Masinga v. Rex
Supreme Court of Swaziland
30 November 2012
Article 1: Definition of a child
Swaziland Constitution, sections 18(2), 19(2), 29(2), and 38(e)
Criminal Procedure and Evidence Act, sections 185 bis (1) and 313(1)-(2)
Children’s Protection and Welfare Act
Masinga was convicted of rape with aggravating circumstances and sentenced to nine years’ imprisonment, the statutory mandatory minimum sentence for the offence, even though he was only 15-years-old at the time of the crime. The defendant appealed the sentence on the grounds that it violated section 29(2) as read with sections 18(2) and 38(e) of the Constitution, which prohibits abuse and other cruel, inhuman or degrading treatment of children and allows only moderate chastisement of children for the purposes of correction. The High Court found that the mandatory minimum sentence for children was unconstitutional, and allowed the defendant to appeal his sentence in the Supreme Court.
Issue and resolution:
Juvenile justice; mandatory sentencing. The Court held that it was not unconstitutional to treat the defendant – who was aged 21 at the time of sentencing – as an adult offender and to impose the mandatory minimum sentence of nine years’ imprisonment.
It was appropriate to look to the child offender’s age at sentencing (21) and to determine that he should be sentenced as an adult rather than as a child offender, particularly in light of the serious nature of the crime. In recognition that the defendant was only 15-years-old at the time of the offence, the sentencing court imposed only the mandatory minimum, which is on the lower end of the permissible range of sentences for the crime committed. Section 29(2) of the Constitution prohibits abuse of children, including sexual abuse, and the rights of the child offender must be balanced against the right of the 12-year-old victim to freedom from sexual abuse. The public also has an interest in deterring rape, and particularly the rape of young children. Balancing all of these considerations, the minimum penalty was no more than reasonably necessary for the protection of the victim of rape and the public in general.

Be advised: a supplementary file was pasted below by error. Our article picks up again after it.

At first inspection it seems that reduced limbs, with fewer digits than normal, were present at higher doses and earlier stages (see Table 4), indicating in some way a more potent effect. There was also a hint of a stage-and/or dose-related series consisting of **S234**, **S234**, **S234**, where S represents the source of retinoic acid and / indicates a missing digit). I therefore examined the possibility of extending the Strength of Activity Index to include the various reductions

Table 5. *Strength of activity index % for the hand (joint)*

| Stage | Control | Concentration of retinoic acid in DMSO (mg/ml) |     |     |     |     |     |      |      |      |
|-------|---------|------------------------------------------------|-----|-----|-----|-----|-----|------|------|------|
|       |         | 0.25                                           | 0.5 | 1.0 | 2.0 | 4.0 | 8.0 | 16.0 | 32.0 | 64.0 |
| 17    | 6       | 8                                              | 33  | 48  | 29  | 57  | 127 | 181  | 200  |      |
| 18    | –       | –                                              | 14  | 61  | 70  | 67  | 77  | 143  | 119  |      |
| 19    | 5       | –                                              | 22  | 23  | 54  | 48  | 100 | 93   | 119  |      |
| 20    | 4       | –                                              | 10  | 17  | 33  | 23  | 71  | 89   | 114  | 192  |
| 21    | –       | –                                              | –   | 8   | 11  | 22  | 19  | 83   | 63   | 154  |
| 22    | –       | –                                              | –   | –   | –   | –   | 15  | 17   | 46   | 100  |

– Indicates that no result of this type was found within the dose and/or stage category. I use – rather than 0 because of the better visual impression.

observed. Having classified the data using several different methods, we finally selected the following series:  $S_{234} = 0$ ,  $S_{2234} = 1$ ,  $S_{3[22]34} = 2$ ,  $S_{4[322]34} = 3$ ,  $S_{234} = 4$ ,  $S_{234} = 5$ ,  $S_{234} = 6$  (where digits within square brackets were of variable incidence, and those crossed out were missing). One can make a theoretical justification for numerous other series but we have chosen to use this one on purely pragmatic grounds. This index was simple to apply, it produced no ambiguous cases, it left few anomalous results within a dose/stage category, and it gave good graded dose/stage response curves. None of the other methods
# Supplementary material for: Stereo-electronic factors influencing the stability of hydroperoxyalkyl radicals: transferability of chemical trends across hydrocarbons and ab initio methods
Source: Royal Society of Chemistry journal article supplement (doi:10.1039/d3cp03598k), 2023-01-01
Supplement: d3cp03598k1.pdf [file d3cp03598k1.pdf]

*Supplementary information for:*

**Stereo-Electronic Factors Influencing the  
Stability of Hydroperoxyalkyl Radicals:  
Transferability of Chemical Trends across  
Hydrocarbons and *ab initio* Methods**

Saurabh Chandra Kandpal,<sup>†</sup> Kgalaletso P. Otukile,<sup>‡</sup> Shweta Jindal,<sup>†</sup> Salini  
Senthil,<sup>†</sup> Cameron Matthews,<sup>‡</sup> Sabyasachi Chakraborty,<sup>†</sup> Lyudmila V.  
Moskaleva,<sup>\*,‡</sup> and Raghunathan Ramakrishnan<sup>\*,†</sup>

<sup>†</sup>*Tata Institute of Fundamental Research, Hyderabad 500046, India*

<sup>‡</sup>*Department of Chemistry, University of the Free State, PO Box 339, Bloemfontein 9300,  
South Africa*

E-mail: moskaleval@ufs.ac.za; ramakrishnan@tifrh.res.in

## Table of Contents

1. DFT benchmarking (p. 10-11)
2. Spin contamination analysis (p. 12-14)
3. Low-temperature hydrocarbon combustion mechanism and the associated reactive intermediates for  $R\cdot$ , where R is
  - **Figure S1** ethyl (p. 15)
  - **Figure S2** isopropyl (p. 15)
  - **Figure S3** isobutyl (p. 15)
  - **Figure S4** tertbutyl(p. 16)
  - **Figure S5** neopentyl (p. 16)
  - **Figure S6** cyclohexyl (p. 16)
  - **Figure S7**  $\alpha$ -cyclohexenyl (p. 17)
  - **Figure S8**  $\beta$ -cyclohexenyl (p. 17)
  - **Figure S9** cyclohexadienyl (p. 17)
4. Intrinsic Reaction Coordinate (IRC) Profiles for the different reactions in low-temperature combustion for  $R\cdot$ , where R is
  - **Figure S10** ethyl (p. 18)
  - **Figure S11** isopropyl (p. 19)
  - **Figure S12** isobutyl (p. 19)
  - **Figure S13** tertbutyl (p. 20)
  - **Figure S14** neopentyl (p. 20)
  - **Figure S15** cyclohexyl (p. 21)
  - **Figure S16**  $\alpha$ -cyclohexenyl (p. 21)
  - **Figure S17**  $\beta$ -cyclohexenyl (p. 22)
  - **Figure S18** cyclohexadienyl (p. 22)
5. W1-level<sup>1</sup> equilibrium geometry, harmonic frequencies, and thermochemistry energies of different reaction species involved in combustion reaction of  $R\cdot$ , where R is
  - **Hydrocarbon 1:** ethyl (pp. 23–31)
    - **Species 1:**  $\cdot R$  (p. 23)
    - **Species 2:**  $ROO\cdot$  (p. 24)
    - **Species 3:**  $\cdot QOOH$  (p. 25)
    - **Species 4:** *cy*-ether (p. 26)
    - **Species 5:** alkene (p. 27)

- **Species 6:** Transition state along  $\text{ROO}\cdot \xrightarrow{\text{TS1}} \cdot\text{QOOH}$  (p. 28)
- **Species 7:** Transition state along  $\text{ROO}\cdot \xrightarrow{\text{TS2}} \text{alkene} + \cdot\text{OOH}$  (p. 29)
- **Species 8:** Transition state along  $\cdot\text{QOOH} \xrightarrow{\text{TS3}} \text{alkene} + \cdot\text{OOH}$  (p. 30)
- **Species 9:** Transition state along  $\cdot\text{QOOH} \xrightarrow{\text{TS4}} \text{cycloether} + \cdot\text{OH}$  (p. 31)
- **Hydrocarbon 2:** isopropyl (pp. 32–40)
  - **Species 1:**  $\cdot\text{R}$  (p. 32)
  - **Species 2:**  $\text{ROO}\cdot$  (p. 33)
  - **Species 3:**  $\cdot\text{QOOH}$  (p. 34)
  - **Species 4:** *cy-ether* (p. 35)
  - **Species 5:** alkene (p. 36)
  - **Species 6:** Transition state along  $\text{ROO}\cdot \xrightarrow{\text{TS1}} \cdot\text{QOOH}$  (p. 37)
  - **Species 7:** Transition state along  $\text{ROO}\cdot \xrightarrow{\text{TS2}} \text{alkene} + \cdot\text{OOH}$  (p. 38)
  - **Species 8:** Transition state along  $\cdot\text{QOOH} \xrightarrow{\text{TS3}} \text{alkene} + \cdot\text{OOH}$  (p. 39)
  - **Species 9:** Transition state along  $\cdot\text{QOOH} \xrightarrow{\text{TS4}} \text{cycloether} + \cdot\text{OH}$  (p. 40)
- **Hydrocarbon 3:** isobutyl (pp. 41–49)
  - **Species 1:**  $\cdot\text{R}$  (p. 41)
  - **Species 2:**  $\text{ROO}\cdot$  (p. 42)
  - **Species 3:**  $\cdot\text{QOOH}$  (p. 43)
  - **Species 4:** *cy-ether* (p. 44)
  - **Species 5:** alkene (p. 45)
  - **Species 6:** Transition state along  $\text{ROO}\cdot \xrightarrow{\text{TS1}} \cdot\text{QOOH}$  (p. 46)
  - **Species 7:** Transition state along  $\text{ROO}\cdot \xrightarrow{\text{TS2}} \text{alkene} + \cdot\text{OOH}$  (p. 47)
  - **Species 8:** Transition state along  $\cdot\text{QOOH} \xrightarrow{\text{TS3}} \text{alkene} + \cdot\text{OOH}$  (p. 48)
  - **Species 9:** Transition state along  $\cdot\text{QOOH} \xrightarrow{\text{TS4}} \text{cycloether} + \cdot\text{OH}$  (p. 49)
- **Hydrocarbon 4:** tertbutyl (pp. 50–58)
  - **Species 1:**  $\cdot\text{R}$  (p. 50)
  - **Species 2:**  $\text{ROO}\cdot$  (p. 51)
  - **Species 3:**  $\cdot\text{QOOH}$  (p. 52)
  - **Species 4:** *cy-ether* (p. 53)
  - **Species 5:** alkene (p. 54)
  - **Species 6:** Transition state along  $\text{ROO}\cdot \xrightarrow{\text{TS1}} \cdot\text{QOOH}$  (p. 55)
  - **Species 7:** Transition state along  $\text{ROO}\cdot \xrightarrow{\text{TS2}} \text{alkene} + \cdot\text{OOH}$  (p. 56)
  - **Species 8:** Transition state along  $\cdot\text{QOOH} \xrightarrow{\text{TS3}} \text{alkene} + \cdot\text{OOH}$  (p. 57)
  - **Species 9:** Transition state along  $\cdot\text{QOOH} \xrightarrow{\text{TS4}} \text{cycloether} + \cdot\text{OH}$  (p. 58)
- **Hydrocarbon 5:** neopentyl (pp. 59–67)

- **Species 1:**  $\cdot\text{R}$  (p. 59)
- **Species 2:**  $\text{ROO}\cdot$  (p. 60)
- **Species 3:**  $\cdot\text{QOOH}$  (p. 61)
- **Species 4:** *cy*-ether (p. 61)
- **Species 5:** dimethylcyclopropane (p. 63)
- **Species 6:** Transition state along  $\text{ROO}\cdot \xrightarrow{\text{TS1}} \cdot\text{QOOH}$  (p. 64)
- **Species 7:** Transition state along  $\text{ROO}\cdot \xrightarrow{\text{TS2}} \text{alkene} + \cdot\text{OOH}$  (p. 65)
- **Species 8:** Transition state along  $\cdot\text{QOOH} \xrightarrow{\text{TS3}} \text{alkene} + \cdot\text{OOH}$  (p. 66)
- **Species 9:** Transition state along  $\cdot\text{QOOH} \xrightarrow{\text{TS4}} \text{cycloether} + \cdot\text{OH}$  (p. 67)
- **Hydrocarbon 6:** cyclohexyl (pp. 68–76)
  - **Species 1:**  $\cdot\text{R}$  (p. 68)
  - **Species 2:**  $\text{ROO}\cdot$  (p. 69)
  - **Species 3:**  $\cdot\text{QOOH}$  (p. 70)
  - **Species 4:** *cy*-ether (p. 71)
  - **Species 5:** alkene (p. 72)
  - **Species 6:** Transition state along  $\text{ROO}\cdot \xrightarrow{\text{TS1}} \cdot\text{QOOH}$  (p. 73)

Excerpts citing CRC and other relevant human rights instruments:
 The appellant’s heads of argument refer, disingenuously, to the appellant as a child as distinct from an adult. He submits that a child is a person below the age of 18 years. This half truth, like all deliberate half truths, is decidedly misleading. It relies for its validity upon the dictum of the full court of the High Court in Masinga v Director of Public Prosecutions where that court, citing the definition in Article 1 of the Convention of the Rights of the Child as “a human being below the age of 18 years”, transposes that definition to the meaning of the word “child” as it appears in section 29 (2) of the Constitution although that court correctly states that the Convention of the Rights of the child has “not yet been enacted locally as an Act of Parliament, and is not part of the laws of the Kingdom”.
 The appellant’s submission that the word child must be interpreted to include without more, ALL persons below the age of 18 years ignores the reality that offence creating laws of mature democratic common law jurisdictions have segmented the totality of childhood into broad bands of tender years, mid childhood or the juvenile state, and late childhood. These sub-divisions reflect in a common sense way, the reality that as a child ages and matures, he or she develops an increasing awareness of the difference between right and wrong and is, in the eyes of the law, charged with a growing responsibility for his or her actions as he or she advances towards full adulthood. Thus, the laws of Swaziland recognize the status of juvenile, and of juvenile adult, as sub-divisions of the status of childhood.
In November 2012, Swaziland enacted the Children’s Protection and Welfare Act, which provides that “[i]mprisonment for a maximum period of five years may be imposed as a sentence for the purposes of this Act except that this sentence may not be imposed on a child below the age of 16 years” (section 156(1)).
For an explanation of the High Court’s judgment, see CRIN’s case summary of Masinga v. DPP.
CRIN believes this decision is inconsistent with the CRC. Article 1 of the CRC provides that the Convention applies to all persons under the age of 18. This includes Articles 3 (best interests of the child must be a primary consideration), 37(b) (imprisonment must be a last resort) and 40 (child offenders must be treated in a manner consistent with the promotion of their sense of dignity and worth). Mandatory minimum sentences of imprisonment for children, including those who commit offences while under 18, are not consistent with the above CRC provisions.
Sikhumbuzo Masinga v Rex (09/2011)  SZHC 60 (30 November 2012)
Link to Full Judgment:
This case summary is provided by the Child Rights International Network for educational and informational purposes only and should not be construed as legal advice.